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Rangers in the Banking Forest

Now that the state has become a shareholder in three banks we are also seeing the phenomenon of state commissioners. Let’s call them Rangers. But which forest are these Rangers supposed to protect?

According to Dutch corporate law, the task of commissioners is to serve the best interests of the company. This implies that commissioners need to take all the interests of the company into consideration in their decision-making. The law does not specify how these interests should be prioritized. However, the interests of employees and suppliers are very important, as are shareholders’ interests. It could be that the state, as a shareholder, will settle for this model. This is most unlikely, though, because it has got itself into a position of a huge conflict of interests. As a shareholder the state is supposed to strive for a good return on investments to satisfy taxpayers. As a guardian of the Dutch economy the state is supposed to get the credit flow going again (possibly with a preference for certain industry sectors). As a ‘caring father’ the state wants to guarantee employment. As the ultimate provider of social security, it wants to prevent unemployment benefits having to be paid. And as a ‘lifesaver’ it wants to make sure that the banks can keep their heads above water. In other words, the State Rangers won’t behave as ordinary commissioners because they will bring these conflicts of interest into the boardroom.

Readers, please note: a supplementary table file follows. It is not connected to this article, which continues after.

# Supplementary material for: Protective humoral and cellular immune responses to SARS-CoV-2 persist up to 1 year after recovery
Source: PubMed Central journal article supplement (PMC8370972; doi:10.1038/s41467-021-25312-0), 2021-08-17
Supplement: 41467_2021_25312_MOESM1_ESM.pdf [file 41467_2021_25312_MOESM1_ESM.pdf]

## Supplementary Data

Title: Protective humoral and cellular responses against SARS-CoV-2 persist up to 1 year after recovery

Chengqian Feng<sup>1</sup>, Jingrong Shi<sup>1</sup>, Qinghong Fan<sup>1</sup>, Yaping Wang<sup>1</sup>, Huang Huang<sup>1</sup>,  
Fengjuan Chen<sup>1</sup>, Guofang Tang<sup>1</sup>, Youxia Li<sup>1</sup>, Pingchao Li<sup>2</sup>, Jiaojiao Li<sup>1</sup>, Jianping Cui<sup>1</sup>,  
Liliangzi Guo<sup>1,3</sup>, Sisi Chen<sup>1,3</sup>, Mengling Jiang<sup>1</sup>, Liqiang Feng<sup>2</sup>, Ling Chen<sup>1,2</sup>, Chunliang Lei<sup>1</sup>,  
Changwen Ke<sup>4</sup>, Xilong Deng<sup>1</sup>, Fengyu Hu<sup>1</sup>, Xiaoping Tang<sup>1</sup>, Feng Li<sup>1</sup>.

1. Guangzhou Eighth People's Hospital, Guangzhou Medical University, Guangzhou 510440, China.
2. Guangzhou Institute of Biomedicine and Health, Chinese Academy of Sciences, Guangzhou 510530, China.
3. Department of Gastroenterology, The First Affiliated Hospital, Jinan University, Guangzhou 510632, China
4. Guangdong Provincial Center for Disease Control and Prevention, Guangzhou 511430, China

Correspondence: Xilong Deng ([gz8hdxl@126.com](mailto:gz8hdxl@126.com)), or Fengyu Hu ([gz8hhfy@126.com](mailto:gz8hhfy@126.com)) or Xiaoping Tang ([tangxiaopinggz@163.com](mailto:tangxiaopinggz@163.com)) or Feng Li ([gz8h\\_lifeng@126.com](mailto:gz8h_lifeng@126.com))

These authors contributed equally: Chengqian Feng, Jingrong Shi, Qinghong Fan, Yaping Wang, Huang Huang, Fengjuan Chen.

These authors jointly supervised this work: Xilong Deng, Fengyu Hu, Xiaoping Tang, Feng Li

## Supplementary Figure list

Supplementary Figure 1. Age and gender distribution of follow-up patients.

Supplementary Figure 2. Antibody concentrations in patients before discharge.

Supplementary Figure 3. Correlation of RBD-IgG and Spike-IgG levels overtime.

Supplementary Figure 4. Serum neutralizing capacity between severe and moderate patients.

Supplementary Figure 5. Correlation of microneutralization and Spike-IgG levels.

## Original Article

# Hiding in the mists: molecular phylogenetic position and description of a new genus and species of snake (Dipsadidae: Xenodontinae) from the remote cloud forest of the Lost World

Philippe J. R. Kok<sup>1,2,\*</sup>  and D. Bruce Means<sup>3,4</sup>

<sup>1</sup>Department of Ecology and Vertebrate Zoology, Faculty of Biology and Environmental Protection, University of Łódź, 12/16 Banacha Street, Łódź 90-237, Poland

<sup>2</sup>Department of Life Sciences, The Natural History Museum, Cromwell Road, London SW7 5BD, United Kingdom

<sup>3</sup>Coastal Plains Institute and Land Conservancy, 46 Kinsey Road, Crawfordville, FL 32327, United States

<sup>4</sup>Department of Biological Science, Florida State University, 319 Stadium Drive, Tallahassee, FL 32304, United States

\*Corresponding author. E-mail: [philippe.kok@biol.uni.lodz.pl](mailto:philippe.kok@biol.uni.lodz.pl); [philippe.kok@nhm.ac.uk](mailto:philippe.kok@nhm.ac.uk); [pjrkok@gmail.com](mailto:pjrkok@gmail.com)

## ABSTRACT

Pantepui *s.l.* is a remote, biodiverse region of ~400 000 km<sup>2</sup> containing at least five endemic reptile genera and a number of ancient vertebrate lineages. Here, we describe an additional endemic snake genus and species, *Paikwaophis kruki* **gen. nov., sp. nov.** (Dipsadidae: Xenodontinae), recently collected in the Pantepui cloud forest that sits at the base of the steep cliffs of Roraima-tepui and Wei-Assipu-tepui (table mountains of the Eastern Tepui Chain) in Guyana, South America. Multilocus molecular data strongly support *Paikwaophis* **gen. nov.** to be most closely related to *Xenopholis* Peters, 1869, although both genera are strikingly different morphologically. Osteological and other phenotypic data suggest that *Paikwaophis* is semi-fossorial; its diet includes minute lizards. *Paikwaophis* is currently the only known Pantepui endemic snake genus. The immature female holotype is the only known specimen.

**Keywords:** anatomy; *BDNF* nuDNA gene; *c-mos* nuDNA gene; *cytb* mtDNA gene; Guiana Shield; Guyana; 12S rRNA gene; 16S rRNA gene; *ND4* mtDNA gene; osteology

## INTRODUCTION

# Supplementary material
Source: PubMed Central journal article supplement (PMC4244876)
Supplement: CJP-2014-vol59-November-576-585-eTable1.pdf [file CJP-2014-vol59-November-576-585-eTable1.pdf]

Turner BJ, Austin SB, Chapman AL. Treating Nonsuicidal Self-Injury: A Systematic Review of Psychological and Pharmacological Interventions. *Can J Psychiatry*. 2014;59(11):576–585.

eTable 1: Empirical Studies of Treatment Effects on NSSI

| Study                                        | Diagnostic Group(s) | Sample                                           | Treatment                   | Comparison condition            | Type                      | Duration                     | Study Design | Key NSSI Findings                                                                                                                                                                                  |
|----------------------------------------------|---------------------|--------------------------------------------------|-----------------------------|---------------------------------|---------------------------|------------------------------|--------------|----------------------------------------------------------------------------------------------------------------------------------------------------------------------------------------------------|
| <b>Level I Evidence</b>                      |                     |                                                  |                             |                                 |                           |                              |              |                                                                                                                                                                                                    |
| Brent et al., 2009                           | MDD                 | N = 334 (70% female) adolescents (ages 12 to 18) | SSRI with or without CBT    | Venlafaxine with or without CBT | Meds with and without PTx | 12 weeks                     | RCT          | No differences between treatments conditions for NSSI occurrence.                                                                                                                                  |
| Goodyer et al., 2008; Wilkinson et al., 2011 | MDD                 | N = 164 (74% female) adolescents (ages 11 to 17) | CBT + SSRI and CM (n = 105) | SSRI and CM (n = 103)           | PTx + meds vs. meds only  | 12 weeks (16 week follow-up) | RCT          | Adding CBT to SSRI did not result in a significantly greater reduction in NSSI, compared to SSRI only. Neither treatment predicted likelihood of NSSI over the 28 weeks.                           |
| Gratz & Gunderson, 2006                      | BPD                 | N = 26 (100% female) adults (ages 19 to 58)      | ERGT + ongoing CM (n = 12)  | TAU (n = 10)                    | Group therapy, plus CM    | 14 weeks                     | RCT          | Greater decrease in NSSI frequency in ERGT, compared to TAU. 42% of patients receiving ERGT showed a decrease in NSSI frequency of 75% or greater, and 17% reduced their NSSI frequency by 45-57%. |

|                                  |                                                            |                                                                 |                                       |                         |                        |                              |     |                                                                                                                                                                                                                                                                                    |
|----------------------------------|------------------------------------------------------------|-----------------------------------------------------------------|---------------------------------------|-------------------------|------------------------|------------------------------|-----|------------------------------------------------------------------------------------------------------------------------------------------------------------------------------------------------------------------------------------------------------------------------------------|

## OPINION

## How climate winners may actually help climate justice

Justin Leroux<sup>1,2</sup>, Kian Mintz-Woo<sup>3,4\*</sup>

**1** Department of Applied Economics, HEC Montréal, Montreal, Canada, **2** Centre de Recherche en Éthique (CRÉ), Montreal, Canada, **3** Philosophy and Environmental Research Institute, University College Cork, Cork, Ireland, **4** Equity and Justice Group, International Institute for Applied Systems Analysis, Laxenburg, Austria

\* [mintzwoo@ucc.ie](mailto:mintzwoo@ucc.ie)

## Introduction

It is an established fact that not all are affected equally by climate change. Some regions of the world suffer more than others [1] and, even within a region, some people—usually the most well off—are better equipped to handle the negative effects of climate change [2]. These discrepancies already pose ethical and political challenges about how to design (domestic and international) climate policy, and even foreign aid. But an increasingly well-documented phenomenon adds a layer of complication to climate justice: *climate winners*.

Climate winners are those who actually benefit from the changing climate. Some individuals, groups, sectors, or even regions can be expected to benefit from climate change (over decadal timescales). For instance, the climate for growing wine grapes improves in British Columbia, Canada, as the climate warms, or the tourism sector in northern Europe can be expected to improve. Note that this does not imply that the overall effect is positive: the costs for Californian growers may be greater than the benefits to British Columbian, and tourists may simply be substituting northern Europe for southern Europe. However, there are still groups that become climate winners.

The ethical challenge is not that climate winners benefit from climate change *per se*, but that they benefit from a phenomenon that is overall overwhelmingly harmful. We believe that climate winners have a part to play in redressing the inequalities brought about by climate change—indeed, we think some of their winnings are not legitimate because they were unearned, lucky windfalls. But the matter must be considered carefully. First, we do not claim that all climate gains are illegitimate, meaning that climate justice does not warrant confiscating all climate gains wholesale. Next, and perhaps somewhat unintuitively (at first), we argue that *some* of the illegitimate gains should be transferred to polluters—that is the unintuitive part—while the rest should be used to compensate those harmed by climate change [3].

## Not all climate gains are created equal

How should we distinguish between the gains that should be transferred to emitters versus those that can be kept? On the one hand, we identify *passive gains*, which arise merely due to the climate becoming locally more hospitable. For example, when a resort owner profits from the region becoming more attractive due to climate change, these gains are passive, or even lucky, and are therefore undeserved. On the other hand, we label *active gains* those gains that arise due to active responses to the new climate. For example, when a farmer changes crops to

This corporate governance might make sense from the government perspective but it is less sensible from a company’s perspective. The Board of Commissioners will be split between Rangers and commissioners. The fact that the Rangers have additional powers will contribute to this split. If the majority of the commissioners are in favour of a board decision, two Rangers could block this decision. Whose interests are served here: the interests of the state or of the company? The concept of corporate interest is very broad in its own right and adding the interests of the state to this would make decision-making extremely complex. It could cripple the board and essential decisions could be postponed or not taken at all. In the end the board would be even less accountable because any decisions could be justified by appealing to one of this multitude of important interests. Therefore there is a danger that because of the Rangers, accountability would decrease rather than increase. It would be better to appoint the Rangers as regular commissioners and explicitly not burden them with state interests. The state can, however, require the Rangers to sit on the remuneration committee and audit committee. That way the Rangers could keep an eye on the undesirable effects of pay policies and the transparency of reporting in particular. Another important task would be for them to monitor the bank’s risk profile. The Rangers could keep a particular eye on the extent and the reduction of the portfolio of American problem credits.

Oscar Couwenberg
Last modified:16 December 2015 10.58 a.m.
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